My Friend is a Palestinian Bedouin: VIII. The Palestinians, the Israelis and the Dutch

My Friend is a Palestinian Bedouin: VIII. The Palestinians, the Israelis and the Dutch

As regarding forms of communication, Arabs were described as making use of expressive body language and relatively loud in their speaking. In business, they may tend to a coercive style of interaction with subordinates. Furthermore, Arabs allow for relatively much bodily contact between individuals of the same sex, whereas public contact between individuals of the opposite sex is in many Arab societies not well accepted. Although Arab gender roles are changing, men are generally viewed as superior, and women in need of protection and guidance (Samovar et al., 2009).

Let us now take a closer look at the Palestinians. Palestinian Arabs live for the most part in the Palestinian Authority, Jordan and Israel, though substantial numbers live in Syria, Lebanon and other countries. In the context of the present study, I will refer only to those living in the Palestinian Authority. The population of the Palestinian Authority consists primarily of Muslims; Christians and others comprise less than two percent of the total population (Palestinian Central Bureau of Statistics, 2009). Palestinian culture is seen as an honor culture (Baxter, 2007; Robinson, 2008). The centrality of honor seems part of the Palestinian social unconscious. When honor is at stake, other options of experience, perceiving or coping may be overlooked.

For the Palestinian Arabs, enduring forms of violence, trauma and resistance became central aspects of daily life and culture. (Allen, 2008) wrote as follows about life in the Palestinian Authority:

The second Palestinian intifada against Israeli occupation, which began in September 2000, saw Palestinian areas repeatedly invaded and shelled by Israeli forces. […] Commemorative cultural production and basic acts of physically getting around that became central to the spatial and social practices by which reorientation and adaptation to violence occurred in the occupied Palestinian territories. […] Memorialization that occurs in storytelling, in visual culture, in the naming of places and moving through spaces is one way in which this happens. The concept of “getting by” captures the many spatial and commemorative forms by which Palestinians manage everyday survival (p. 453).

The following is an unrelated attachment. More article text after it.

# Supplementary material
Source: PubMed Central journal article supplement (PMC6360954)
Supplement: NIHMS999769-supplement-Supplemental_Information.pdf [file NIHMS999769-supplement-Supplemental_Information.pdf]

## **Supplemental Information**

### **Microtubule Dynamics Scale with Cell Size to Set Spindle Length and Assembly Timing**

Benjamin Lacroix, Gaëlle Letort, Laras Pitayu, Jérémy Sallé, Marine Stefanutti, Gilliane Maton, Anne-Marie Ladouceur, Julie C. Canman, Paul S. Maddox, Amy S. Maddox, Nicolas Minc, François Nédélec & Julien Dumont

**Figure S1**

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About the Author

Daniel WeishutDaniel J.N. Weishut, born in the Netherlands but living in Jerusalem, is a professional with a diverse background. He holds an MA in Clinical Psychology and an MBA in Integrative Business Administration, both from the Hebrew University in Jerusalem, and a PsyD in Clinical and Organizational Psychology from the Professional School of Psychology (Sacramento). He has about thirty years of experience in consultation and therapy with a wide variety of clients and issues, more than twenty years of practice in group facilitation, and over fifteen years of know-how in governance and management in various organizations. Daniel Weishut offers his services as a "Partner on the Way", while taking a world-view that people are diverse but equal. He works with a variety of clients, but his special interest is in work with those who have found themselves persecuted or otherwise in conflict with their social environment, because of their culture, identity or belief system. For example: migrants, expats, refugees, Holocaust survivors, soldiers, pacifists, and individuals from religious, cultural or sexual minorities. Daniel Weishut is a social activist and in this capacity he volunteers as Chairperson of the Israeli Association of Group Psychotherapy, as Member of the Membership Appeals Committee of Amnesty International and as forensic expert for the Public Committee Against Torture in Israel. He also is involved in raising awareness about the situation of Bedouins around Jerusalem; awareness which led among others to the writing of his dissertation "My friend is a Palestinian Bedouin: Challenges and opportunities in intercultural friendship".

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